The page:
Tuesday, August 28, 2012

Weathervanes: Folkart

Weathervanes are folk art – art that is both functional and decorative. These guides that tell you which direction the wind blows, have been around since 48 B.C. The earliest weathervane found was in honor of the Greek god Triton.

Generally, it is a figure that turns freely on a vertical rod and always points into the wind. Coming from the Anglo-Saxon word “fane,” meaning flag or banner, the weather vane became part of ancient cultures where life-sized replicas were hoisted atop structures. Traced back to ancient Greece, weathervanes were useful for civilizations because they were able to depend on them as indicators of weather patterns.

American colonists copied the sculpture of European weathervanes and as time passed the design became just as important as the function of the instrument. Patriotic designs emerged which included the Goddess of Liberty and eventually the eagle.  New Englander’s designed fish, seagulls and ships, while farmers and settlers crafted shapes of animals, Indian heads and arrow points. In the late decades of the 19th century, Victorian buildings had fancy weather vanes and elaborate metal work embellishments, covering nearly every inch of their roofs.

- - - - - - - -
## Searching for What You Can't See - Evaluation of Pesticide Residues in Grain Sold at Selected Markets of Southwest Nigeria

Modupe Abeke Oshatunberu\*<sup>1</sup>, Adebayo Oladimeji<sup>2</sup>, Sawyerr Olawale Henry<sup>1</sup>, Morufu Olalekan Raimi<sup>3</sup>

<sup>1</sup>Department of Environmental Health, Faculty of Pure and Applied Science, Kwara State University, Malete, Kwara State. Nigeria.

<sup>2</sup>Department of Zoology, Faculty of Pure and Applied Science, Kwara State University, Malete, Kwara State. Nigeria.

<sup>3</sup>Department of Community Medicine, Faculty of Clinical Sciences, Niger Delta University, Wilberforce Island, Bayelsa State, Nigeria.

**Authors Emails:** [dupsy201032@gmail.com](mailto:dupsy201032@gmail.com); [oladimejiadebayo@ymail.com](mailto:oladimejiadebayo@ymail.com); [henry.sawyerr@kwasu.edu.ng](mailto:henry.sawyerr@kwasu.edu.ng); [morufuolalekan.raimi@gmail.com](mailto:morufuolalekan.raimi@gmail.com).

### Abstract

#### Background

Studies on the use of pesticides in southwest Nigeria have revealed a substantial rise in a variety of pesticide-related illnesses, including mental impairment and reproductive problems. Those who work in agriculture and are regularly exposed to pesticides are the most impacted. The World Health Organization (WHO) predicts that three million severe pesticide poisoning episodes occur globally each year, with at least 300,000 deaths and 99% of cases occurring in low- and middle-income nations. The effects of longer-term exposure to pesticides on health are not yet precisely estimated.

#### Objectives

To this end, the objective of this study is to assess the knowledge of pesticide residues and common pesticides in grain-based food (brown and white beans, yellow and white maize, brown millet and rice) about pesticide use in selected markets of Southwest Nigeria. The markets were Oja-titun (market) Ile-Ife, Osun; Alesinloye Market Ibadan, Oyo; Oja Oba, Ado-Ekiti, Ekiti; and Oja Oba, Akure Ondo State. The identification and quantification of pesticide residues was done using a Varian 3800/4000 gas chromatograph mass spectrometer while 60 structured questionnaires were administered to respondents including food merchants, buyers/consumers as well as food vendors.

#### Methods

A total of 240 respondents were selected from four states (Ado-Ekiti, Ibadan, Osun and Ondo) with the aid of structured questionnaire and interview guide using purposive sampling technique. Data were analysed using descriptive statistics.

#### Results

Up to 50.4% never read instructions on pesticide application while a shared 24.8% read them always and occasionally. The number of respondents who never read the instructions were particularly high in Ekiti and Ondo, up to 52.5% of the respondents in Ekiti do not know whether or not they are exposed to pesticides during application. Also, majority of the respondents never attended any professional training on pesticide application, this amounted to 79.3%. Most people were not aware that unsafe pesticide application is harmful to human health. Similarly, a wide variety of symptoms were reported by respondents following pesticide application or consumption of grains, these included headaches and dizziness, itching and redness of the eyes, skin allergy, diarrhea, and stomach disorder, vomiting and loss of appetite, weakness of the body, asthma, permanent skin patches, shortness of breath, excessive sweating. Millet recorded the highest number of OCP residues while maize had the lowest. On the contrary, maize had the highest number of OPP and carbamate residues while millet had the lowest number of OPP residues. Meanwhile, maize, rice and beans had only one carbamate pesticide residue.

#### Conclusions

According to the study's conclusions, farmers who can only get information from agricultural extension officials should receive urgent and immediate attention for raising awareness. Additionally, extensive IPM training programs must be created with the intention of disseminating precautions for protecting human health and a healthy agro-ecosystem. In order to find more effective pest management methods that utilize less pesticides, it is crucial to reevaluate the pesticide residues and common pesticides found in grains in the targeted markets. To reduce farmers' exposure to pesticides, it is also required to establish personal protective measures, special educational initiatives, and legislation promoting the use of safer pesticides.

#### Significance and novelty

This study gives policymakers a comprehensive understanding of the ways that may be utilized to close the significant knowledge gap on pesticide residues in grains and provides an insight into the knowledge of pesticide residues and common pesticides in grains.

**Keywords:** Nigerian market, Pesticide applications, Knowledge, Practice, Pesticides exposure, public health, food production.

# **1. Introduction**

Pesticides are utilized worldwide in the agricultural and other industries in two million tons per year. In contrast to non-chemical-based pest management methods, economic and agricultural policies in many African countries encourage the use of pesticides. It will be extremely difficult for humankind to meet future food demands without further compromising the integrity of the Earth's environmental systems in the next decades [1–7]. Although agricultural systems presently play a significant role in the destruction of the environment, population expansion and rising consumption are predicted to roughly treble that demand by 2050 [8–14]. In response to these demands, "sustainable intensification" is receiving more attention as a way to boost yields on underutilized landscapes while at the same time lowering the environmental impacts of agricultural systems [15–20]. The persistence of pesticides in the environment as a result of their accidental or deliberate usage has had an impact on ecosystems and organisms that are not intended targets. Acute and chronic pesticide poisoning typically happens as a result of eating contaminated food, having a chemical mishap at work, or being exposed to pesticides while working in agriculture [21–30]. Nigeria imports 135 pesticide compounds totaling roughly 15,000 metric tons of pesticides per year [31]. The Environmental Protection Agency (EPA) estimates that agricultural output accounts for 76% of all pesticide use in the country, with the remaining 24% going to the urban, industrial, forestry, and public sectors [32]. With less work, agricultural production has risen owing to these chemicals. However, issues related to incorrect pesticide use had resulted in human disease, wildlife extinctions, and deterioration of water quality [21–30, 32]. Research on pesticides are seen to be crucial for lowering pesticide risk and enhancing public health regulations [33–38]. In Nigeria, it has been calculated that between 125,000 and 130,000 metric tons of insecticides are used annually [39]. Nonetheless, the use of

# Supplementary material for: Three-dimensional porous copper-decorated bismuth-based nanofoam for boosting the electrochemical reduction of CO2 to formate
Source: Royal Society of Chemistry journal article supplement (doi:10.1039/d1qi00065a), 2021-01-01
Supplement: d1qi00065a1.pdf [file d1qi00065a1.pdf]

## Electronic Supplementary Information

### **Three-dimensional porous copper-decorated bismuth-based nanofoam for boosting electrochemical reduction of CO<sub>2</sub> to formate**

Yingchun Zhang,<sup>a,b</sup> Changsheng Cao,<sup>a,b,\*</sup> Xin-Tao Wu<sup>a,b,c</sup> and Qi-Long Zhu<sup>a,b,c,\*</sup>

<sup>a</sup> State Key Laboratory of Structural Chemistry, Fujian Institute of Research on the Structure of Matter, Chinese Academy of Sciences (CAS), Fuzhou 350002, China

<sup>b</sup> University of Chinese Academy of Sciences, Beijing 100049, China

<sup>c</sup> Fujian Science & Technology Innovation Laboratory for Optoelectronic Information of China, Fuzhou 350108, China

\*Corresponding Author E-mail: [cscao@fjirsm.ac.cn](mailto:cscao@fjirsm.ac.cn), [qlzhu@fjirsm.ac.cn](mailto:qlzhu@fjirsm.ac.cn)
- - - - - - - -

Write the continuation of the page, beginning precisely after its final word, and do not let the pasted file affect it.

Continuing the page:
After 1900, simpler styles began to emerge. The introduction of the silhouette weather vane depicted humorous scenes, often sporting scenes or figures.  Today, in areas of winds and quick directional changes, weather vanes are very popular.  It seems like everyone is always looking out to see the ferocity and direction of the wind. 

Very windy areas are especially good places to research different forms and designs of weather vanes.  Once a symbol of a simpler life weathervanes have evolved into more elaborate pieces of art. Artisans have made their weathervanes into almost anything that can be blown in the wind. Something as simple as long splinters of wood shingles (one thicker than the other one) can be transformed into a crude weather vane. 

Want to see some weathervanes? Check out these sites:  
Shelburne Museum,  Shelburne, VT
Mingei International,San Diego, CA

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